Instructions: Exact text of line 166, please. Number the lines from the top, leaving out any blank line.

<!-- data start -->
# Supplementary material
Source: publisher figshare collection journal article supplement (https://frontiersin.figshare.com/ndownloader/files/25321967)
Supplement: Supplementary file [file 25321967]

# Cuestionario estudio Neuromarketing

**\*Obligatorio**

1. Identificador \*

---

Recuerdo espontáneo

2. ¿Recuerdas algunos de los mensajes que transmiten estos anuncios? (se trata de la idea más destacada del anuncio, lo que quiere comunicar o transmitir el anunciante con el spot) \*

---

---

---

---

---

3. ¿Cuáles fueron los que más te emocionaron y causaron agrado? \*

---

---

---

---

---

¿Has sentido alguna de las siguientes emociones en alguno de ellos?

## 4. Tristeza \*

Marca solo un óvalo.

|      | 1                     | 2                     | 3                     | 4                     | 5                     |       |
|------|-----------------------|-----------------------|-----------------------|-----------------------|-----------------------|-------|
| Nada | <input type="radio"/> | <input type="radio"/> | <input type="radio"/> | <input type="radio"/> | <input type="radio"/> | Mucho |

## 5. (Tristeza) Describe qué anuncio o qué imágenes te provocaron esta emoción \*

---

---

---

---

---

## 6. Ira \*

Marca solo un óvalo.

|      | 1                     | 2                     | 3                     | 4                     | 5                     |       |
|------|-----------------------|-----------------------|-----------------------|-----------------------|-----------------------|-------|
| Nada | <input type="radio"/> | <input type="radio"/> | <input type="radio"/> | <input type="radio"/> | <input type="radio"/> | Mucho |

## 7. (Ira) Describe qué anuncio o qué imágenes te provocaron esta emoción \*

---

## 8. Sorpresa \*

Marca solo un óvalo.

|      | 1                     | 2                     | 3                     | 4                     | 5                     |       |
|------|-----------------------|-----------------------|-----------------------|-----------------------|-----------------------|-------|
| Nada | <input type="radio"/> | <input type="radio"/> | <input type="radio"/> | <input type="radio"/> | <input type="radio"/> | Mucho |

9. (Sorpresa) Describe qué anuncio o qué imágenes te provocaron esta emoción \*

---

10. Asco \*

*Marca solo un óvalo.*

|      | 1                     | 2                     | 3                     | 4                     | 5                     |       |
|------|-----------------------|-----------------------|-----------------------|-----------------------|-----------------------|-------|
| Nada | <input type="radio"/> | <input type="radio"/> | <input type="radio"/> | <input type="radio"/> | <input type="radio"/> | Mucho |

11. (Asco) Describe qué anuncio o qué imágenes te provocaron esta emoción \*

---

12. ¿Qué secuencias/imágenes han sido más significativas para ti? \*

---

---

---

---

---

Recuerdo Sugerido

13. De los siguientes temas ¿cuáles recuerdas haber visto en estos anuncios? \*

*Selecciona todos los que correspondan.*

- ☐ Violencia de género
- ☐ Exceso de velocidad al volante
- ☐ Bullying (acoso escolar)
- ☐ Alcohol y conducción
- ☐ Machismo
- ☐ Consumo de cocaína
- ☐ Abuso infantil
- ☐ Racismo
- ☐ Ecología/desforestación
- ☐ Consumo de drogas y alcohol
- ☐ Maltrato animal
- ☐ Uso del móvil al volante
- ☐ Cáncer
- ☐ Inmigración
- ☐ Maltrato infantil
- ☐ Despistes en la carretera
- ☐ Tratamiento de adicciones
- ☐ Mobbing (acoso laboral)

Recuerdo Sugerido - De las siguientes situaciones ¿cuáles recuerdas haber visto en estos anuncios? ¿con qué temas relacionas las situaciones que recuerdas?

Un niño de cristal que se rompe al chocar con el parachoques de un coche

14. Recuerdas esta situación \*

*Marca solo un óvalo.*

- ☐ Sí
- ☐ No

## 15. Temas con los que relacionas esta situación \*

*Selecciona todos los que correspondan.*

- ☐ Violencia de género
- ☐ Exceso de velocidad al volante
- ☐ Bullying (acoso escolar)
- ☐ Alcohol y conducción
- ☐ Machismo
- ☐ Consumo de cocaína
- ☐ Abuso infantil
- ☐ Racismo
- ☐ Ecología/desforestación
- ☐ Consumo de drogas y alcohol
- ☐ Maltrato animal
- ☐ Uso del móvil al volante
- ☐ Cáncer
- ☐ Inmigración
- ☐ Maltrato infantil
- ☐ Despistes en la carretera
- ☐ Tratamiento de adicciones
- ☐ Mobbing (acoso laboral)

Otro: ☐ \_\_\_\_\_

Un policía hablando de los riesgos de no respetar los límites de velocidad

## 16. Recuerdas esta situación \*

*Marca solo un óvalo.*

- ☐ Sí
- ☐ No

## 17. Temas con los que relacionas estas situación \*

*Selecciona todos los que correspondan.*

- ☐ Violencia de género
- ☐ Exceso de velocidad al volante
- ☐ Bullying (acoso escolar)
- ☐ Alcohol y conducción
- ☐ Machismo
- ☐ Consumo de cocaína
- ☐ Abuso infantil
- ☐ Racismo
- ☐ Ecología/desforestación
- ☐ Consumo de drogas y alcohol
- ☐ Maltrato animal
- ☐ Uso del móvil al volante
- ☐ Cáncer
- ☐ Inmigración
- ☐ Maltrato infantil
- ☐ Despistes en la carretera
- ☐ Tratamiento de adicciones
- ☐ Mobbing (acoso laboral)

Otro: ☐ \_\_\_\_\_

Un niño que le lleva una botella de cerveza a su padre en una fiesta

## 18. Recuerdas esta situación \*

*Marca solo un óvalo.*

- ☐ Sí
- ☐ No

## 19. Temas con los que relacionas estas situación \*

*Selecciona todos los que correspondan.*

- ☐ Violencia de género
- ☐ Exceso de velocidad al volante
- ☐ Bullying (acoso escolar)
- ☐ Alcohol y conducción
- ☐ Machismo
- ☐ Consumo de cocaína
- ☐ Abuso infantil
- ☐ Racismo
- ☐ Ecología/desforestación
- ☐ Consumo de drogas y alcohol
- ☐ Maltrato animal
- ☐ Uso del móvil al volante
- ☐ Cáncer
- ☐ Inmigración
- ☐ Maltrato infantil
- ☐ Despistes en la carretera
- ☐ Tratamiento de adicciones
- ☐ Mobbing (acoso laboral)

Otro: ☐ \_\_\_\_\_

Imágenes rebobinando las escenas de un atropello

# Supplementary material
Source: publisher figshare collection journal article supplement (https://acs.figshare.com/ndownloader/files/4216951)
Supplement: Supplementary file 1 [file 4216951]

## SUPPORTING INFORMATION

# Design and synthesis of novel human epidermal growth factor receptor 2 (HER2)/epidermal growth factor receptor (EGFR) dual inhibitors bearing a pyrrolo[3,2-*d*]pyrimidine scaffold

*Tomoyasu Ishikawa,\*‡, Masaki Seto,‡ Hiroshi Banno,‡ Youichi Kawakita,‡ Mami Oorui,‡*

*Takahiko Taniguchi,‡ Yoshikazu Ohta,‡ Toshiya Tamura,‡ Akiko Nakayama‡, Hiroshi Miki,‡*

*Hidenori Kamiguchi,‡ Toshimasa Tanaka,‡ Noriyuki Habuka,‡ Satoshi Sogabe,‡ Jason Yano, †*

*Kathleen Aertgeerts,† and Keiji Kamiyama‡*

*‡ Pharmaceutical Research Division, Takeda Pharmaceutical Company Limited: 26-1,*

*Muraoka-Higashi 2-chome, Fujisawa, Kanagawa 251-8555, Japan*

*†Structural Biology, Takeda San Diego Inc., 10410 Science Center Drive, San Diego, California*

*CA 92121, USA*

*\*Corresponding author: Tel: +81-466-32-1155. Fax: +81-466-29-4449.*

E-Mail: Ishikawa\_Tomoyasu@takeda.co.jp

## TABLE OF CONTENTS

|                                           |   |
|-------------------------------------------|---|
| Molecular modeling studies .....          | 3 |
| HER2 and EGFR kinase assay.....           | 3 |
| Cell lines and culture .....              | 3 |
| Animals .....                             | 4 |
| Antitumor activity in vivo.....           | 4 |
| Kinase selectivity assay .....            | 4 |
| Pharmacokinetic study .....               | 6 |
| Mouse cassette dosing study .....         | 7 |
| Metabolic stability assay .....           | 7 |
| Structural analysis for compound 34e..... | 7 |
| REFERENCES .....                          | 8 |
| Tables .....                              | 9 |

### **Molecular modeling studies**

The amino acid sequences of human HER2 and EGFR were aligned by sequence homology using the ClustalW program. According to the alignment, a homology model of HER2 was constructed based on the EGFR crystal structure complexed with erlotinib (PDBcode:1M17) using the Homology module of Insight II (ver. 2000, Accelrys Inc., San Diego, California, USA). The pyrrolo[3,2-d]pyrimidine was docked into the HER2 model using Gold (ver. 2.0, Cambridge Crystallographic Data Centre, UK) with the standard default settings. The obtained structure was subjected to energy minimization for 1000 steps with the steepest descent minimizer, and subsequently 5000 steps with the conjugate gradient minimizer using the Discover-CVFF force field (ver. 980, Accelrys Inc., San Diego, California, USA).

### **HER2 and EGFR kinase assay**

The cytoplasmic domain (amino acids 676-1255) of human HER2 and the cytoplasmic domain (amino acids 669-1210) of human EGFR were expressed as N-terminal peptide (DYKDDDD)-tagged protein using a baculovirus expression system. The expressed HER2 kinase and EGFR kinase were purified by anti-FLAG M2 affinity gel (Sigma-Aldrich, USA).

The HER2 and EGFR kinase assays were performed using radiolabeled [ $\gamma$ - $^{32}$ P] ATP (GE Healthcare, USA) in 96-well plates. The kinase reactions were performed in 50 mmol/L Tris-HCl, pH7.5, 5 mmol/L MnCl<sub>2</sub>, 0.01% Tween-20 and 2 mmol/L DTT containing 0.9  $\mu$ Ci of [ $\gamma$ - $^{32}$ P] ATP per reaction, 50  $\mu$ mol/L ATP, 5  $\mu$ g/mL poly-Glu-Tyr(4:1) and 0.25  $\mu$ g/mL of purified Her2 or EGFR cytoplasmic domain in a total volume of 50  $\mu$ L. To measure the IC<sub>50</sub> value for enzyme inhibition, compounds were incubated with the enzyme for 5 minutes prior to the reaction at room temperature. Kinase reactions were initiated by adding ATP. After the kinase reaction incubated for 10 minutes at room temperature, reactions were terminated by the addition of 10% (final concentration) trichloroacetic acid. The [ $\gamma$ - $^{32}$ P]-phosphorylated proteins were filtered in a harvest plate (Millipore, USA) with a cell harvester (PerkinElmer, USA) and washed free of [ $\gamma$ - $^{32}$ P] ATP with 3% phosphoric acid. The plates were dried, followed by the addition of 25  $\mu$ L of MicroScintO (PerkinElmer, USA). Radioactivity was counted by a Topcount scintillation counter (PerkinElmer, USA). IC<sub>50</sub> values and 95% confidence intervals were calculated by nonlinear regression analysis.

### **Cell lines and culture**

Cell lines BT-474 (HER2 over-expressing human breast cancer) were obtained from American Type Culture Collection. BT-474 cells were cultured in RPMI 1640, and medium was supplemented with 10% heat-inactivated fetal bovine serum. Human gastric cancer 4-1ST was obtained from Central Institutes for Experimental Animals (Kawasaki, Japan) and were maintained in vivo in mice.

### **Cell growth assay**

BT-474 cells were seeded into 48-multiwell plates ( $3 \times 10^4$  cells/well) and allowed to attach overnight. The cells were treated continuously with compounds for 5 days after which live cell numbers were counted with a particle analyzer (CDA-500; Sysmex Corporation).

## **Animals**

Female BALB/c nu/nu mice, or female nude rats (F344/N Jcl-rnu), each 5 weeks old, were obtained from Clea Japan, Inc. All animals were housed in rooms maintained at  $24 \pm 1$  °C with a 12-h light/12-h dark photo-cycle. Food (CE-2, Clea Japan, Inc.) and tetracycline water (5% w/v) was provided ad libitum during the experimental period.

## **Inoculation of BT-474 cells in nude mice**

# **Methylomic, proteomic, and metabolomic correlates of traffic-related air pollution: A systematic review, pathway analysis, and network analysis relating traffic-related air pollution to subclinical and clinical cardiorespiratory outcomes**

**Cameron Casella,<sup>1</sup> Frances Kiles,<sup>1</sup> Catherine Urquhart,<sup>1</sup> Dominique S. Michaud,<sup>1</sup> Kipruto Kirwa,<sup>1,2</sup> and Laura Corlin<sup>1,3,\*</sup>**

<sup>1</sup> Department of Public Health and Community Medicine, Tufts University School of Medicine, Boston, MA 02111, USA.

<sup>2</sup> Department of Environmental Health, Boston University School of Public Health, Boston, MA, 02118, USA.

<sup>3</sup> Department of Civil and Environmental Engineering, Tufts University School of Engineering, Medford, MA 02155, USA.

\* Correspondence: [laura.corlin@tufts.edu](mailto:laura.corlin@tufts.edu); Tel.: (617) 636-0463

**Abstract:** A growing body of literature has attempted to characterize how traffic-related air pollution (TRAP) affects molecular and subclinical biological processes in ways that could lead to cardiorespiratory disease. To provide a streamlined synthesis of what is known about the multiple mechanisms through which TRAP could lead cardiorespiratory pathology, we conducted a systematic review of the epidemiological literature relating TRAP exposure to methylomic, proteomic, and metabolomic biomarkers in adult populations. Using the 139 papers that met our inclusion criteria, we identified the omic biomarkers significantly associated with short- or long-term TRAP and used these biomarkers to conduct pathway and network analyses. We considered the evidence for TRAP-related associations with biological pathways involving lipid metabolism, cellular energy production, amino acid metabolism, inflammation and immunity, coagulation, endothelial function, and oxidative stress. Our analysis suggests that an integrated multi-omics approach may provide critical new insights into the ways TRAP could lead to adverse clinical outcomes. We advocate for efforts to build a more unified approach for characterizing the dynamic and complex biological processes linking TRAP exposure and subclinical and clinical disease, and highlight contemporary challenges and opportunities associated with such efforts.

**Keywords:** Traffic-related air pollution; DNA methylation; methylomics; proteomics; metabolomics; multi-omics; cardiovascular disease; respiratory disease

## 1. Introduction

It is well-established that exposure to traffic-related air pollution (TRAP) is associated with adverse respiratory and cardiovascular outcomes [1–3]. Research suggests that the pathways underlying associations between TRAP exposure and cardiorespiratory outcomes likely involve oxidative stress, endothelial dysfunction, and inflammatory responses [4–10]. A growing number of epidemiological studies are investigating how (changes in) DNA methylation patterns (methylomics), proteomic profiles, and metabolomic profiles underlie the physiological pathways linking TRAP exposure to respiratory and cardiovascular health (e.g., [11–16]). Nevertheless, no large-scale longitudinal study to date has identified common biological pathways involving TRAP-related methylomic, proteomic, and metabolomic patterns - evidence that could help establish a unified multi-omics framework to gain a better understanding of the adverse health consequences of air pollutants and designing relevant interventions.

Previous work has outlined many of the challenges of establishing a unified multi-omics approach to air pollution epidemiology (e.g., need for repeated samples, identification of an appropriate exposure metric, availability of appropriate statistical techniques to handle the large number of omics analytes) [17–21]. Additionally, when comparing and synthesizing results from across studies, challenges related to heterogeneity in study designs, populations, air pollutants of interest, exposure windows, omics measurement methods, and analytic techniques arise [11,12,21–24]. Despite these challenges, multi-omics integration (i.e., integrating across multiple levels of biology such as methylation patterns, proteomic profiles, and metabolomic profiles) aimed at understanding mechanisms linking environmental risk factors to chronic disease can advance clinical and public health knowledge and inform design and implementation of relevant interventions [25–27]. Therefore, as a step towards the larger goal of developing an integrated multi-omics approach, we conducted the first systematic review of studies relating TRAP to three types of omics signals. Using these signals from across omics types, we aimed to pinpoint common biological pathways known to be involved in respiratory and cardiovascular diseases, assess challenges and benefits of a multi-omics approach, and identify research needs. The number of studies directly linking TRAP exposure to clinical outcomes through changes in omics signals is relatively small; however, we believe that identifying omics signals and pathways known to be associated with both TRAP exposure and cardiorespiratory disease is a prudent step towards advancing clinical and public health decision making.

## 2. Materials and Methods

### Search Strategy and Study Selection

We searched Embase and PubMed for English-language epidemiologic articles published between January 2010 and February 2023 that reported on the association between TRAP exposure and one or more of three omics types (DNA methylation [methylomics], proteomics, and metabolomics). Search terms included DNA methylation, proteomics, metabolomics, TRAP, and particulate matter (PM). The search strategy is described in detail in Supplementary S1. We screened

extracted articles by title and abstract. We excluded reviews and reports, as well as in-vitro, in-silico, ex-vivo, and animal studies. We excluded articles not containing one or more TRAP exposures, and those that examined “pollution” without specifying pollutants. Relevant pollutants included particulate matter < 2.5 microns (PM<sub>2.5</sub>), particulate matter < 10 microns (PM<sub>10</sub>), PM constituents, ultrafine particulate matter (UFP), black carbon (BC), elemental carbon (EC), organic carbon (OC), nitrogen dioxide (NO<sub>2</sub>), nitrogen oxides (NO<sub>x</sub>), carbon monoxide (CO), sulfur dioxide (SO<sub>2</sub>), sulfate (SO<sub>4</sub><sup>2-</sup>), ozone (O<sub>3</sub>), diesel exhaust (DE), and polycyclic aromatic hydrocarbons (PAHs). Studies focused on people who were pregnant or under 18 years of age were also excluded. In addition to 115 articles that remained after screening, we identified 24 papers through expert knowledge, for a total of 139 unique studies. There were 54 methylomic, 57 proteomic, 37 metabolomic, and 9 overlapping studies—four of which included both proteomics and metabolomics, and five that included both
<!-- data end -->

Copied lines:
*Tomoyasu Ishikawa,\*‡, Masaki Seto,‡ Hiroshi Banno,‡ Youichi Kawakita,‡ Mami Oorui,‡*